Another representative of Glen Cove High School, Principal Joseph Hinton, a Marine who served in the first Gulf War, was also present and marching. Hinton looked sharp in his dress uniform, still fit with no signs of "button pull" across the front of his shirt.

Many Glen Cove organizations marched in the parade including the VFW James Donahue Post 347, American Legion Post 76, Glen Cove Police Department, Glen Cove Fire Department, Glen Cove Harbor Patrol, and the Ancient Order of Hibernians Division 8. From neighboring towns came the American Legion Post 336, Glenwood Landing; American Legion Howard Van Wagner Post 962, Locust Valley; and the James Brengel Post 456, Sea Cliff.
Post Parade Ceremony

At the end of the parade route at Monument Park there was a short ceremony accompanied by music from the Marine Corps Band, which had made the trip up from Quantico, VA. Colonel Warren Foersch gave a brief summary of Daniel Daly's war record and quizzed the crowd. People in the audience learned that in addition to winning two Medals of Honor, Daly had also won a Navy Cross for heroic action in the Belleau Wood, France during WWI.

Mayor Mary Ann Holzkamp added, "The City of Glen Cove is proud to support our nation's troops. This first-ever Dan Daly parade honoring our city's double Medal of Honor recipient was a fitting tribute to a local Marine hero. I want to thank the Sunrise Detachment Marine Corps League for coordinating this event. We look forward to next year's parade."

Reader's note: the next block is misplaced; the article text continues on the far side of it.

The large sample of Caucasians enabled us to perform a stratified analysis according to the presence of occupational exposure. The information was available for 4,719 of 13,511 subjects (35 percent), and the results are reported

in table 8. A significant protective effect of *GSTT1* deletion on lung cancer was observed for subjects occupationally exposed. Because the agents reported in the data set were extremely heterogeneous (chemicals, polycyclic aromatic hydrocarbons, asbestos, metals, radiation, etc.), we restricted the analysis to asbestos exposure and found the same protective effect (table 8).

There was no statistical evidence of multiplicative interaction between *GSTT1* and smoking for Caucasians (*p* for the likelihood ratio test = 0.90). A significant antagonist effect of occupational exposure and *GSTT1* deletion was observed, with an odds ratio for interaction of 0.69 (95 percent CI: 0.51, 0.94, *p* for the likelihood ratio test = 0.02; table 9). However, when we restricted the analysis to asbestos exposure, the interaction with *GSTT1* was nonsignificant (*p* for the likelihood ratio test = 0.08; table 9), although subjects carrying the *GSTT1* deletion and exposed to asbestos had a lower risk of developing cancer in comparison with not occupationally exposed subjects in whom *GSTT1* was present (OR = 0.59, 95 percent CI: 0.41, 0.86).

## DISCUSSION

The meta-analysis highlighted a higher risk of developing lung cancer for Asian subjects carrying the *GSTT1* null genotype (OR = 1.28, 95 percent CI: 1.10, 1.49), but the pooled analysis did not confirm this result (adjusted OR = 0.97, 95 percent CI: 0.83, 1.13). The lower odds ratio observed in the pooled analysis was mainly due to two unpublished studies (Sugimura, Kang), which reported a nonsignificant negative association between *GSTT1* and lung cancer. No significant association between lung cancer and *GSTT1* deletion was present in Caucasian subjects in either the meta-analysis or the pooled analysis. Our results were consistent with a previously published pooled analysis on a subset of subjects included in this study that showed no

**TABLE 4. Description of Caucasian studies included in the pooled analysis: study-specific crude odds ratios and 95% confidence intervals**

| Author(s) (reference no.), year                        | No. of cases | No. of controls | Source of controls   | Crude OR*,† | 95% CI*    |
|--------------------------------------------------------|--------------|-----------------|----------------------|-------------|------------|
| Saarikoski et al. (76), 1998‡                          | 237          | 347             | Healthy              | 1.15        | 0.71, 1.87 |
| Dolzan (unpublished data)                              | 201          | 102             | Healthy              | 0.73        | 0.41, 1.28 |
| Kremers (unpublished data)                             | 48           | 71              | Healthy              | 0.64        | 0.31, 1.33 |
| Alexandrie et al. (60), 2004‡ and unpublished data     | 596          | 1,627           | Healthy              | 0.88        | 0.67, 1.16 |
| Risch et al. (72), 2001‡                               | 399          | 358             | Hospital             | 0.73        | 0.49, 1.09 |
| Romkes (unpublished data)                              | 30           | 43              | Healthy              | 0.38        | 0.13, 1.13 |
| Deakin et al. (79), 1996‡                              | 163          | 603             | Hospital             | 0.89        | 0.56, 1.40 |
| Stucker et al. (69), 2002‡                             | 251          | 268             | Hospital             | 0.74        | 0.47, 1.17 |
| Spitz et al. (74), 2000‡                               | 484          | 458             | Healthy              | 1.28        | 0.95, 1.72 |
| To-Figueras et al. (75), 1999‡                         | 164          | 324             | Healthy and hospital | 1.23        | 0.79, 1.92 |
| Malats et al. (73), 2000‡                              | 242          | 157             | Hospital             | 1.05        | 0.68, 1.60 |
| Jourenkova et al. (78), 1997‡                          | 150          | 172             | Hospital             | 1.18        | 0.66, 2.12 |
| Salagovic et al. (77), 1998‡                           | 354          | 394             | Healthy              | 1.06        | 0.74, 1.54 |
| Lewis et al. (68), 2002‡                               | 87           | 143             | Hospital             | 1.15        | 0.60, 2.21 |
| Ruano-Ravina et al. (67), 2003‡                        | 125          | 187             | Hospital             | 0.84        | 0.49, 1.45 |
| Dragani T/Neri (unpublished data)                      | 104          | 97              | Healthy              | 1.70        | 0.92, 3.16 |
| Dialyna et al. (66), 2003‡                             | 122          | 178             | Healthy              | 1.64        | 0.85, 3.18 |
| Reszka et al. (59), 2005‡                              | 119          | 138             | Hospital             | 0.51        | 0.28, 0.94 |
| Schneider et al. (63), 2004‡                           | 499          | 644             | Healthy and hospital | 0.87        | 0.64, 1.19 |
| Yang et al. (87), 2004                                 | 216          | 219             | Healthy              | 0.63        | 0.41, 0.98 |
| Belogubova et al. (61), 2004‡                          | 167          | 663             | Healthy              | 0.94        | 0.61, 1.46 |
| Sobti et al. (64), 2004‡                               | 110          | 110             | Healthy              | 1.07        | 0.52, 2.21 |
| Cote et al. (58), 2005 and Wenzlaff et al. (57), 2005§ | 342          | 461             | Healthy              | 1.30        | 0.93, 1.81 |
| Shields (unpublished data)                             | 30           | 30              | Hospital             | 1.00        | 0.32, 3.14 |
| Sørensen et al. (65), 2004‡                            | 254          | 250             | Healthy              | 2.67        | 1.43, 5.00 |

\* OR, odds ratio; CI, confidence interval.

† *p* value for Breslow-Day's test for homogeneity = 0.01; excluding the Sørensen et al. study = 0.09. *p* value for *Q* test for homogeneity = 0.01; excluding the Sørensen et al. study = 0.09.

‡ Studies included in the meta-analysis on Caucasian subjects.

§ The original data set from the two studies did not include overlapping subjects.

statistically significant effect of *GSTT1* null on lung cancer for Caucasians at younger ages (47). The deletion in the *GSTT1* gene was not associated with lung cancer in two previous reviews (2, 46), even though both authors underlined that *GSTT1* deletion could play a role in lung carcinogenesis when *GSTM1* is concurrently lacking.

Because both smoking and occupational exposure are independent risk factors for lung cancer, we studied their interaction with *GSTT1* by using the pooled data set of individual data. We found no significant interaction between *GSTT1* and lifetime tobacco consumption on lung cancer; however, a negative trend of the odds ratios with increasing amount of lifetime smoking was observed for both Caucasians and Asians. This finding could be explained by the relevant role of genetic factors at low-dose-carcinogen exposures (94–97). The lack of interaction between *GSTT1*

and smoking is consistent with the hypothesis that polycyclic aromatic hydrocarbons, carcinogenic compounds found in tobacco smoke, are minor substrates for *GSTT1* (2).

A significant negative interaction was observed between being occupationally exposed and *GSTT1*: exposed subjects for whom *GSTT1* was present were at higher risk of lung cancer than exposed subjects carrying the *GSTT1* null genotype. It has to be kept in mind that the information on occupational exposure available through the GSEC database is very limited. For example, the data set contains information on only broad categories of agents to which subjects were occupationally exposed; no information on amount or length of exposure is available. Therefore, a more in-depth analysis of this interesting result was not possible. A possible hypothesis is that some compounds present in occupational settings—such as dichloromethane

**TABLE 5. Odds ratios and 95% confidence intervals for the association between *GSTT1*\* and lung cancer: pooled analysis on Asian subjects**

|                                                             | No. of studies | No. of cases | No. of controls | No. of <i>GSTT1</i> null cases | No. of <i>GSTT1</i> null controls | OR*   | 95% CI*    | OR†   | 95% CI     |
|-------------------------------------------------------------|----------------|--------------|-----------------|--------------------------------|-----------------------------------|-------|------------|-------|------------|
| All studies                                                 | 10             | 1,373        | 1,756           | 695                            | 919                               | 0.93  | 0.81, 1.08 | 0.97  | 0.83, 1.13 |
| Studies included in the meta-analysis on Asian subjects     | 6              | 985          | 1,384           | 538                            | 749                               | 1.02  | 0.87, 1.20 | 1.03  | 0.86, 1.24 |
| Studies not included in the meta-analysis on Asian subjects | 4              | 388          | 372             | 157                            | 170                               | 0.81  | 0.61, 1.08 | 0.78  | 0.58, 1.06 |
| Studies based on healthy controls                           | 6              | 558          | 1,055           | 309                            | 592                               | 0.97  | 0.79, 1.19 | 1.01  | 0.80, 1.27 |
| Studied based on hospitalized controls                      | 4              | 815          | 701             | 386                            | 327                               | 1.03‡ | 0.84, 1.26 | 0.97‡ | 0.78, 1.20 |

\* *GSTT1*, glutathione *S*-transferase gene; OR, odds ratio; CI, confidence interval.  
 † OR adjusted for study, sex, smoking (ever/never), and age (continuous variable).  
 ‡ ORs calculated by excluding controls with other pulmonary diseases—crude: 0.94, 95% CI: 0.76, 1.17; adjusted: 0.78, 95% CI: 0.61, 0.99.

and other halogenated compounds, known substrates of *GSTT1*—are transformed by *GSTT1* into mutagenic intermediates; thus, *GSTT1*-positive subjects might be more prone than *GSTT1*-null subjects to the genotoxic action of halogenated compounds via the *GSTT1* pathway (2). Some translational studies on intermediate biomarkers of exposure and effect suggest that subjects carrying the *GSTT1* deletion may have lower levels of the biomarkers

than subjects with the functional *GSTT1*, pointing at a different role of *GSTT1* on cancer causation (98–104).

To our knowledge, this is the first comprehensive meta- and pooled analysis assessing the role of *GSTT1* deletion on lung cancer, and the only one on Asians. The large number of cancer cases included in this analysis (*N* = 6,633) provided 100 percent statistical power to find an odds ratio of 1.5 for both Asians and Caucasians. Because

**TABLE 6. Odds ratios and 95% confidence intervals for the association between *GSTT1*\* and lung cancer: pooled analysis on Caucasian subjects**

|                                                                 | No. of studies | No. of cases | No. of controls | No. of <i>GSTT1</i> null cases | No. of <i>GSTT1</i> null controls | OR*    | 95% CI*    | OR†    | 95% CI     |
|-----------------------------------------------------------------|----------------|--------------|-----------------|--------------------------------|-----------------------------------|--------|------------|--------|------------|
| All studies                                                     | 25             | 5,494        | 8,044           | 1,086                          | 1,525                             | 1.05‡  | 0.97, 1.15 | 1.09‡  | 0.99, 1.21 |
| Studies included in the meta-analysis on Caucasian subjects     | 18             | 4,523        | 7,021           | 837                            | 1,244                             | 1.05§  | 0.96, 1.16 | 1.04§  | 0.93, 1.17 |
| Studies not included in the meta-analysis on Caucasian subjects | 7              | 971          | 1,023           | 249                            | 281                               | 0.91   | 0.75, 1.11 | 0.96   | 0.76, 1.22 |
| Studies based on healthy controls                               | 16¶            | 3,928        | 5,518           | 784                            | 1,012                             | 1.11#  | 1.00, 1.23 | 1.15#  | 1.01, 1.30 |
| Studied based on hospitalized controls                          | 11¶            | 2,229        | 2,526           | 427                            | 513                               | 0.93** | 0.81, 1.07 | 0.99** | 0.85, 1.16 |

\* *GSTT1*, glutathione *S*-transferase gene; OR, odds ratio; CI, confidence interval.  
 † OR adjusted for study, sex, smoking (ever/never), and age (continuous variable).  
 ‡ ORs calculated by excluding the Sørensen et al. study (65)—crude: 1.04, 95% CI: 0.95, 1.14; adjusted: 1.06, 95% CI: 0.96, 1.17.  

Nassau County Executive Tom Suozzi was also on hand. Suozzi remarked that the accomplishments of Dan Daly are a part of Glen Cove's history of which few people are aware. Suozzi was pleased to see that groups from all over Long Island were present to celebrate Daly's great accomplishments in history. He went on to say that by honoring Dan Daly, we were honoring all veterans, whether they be front line combatants or support personnel.
Somber Reminder

As the ceremonies drew to a close and the crowd began to depart, all present came away knowing they had just taken part in something very special. The recounting of Daly's war record and the welcoming home of Marines from Iraq left everyone with a great sense of patriotism, joy and pride in our country. This sense of joy and pride was somewhat tempered by an underlying sense of great sacrifice. The only "float" in the parade was near the end. Trailing behind the marching bands, bagpipers, and impressive young Marine warriors was a small, empty, Vietnam-era "monkey cage." The monkey cage was fashioned from bamboo and was typical of the confines used by the North Vietnamese to imprison U.S. servicemen. This small, unassuming display spoke volumes. Not all of our heroes receive medals. Not all of our heroes come home uninjured. Not all of our heroes come home at all.

Semper Fi!